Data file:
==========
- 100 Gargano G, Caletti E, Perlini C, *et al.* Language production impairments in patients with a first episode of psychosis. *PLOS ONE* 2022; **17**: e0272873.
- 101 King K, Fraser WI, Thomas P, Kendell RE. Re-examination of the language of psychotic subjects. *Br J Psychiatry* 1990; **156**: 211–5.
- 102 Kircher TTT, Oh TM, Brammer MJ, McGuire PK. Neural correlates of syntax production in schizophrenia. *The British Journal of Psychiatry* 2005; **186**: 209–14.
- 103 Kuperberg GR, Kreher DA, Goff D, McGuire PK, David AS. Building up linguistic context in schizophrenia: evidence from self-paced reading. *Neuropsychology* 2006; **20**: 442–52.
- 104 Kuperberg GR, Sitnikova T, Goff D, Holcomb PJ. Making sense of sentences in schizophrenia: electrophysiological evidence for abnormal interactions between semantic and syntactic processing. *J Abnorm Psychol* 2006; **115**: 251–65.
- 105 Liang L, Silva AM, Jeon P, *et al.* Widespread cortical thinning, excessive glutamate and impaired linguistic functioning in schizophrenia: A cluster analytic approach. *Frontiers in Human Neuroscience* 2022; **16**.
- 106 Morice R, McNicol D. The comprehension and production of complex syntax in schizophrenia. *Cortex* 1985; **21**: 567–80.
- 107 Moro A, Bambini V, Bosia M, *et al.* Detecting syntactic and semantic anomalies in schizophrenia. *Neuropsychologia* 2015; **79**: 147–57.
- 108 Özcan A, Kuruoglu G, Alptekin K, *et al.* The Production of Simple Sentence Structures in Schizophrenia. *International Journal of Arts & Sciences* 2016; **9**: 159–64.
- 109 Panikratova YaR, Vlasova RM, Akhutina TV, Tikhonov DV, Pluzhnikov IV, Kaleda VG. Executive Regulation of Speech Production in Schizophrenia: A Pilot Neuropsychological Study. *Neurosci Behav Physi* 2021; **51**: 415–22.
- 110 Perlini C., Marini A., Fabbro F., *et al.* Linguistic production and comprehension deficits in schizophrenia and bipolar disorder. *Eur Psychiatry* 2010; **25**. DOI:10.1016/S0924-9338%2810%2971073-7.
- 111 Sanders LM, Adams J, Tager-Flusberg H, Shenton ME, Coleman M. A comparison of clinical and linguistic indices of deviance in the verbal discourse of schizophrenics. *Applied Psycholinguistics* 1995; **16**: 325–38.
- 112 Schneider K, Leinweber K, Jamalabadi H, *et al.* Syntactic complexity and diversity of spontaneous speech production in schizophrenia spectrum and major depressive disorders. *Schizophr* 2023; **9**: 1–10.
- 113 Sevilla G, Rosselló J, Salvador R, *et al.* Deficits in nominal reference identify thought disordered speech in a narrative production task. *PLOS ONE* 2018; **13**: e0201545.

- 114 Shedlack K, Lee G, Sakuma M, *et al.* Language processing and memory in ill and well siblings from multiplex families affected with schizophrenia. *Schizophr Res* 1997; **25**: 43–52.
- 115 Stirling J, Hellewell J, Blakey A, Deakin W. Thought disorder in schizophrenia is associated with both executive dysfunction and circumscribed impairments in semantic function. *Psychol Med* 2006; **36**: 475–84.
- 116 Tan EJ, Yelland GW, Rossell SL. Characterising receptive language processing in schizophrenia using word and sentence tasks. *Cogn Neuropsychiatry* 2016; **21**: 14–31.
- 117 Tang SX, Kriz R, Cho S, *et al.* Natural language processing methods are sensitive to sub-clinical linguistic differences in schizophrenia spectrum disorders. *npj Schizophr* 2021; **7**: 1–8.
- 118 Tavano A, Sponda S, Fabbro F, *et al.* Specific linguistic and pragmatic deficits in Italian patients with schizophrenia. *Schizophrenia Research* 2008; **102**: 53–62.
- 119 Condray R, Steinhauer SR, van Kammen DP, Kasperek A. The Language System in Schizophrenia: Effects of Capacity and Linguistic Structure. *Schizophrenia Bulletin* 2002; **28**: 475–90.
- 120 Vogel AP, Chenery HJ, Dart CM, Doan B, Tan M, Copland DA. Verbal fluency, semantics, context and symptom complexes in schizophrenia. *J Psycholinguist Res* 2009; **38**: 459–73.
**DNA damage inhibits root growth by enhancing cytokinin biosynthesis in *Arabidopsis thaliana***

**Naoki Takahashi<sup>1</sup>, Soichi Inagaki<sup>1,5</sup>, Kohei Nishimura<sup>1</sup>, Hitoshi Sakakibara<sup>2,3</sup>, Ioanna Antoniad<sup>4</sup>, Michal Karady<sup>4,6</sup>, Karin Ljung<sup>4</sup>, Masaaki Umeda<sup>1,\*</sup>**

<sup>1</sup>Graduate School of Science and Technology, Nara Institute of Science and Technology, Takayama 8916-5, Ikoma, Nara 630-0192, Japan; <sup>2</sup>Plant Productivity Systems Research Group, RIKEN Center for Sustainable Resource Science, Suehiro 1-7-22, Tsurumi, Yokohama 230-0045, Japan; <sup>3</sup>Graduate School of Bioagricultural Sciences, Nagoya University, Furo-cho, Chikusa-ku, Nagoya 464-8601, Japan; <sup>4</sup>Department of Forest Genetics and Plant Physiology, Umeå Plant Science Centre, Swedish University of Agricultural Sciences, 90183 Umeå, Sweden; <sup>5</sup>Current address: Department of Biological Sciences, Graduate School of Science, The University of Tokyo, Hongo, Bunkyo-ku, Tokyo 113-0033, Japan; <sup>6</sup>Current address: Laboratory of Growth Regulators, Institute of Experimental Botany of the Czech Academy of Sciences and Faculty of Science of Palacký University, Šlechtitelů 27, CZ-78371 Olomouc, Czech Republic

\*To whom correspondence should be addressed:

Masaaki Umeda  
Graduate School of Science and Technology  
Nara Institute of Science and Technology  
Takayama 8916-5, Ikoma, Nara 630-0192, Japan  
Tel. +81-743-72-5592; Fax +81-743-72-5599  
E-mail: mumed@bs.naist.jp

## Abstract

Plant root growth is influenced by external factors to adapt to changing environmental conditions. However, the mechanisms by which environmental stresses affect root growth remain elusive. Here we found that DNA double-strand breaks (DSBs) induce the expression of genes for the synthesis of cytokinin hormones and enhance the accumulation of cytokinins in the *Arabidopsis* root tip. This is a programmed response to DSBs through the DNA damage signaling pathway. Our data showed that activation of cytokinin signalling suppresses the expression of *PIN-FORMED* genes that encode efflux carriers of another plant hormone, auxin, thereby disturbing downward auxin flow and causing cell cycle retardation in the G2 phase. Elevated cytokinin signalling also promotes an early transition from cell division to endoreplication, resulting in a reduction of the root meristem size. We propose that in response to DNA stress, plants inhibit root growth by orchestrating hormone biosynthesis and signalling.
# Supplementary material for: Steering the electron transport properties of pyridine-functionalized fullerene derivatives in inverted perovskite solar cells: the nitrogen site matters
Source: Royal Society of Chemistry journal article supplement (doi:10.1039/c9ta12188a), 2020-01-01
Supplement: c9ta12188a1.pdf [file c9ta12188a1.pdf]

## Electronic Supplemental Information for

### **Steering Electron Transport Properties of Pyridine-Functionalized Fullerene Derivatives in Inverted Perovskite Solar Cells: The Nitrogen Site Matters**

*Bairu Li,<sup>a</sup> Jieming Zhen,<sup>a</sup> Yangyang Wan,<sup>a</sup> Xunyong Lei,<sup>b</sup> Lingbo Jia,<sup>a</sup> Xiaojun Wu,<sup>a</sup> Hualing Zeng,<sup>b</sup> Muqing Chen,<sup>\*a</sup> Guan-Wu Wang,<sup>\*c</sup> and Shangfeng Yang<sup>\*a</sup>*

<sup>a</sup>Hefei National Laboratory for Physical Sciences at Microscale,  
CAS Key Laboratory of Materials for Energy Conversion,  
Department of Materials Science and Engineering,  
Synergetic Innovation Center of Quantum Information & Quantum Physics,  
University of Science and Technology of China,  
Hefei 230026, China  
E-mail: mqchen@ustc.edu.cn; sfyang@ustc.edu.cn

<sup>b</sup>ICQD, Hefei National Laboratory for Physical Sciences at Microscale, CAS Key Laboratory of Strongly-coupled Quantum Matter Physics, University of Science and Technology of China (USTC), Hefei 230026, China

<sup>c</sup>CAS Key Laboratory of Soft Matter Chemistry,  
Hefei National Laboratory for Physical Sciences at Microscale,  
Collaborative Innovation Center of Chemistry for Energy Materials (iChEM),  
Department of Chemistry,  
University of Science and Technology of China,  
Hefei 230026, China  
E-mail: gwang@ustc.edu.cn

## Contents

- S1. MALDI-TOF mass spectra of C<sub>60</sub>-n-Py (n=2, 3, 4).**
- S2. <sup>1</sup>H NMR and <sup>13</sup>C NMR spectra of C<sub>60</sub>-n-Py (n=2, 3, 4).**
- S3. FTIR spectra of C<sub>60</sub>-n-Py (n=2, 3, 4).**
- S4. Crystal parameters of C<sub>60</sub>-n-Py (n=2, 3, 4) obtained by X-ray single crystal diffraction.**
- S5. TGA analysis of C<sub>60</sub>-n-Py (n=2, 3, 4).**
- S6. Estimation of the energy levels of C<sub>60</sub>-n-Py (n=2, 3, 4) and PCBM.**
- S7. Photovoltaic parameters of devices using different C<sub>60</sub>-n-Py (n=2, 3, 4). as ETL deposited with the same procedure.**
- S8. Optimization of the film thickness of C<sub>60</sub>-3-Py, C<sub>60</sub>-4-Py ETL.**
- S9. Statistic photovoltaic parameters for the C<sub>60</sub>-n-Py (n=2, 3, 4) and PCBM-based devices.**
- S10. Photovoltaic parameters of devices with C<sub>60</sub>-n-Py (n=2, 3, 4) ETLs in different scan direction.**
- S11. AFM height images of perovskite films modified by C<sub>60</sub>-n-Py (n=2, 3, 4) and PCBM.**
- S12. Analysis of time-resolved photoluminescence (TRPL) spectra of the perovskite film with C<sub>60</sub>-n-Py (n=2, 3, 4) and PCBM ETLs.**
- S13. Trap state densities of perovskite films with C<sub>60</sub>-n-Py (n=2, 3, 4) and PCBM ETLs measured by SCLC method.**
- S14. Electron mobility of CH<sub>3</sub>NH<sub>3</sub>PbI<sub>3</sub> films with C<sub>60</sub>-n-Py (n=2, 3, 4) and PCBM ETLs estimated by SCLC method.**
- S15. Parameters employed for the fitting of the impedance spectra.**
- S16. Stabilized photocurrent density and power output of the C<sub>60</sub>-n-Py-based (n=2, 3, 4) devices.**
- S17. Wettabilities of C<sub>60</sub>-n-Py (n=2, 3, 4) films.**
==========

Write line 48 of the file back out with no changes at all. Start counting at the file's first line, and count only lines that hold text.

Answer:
<sup>c</sup>CAS Key Laboratory of Soft Matter Chemistry,  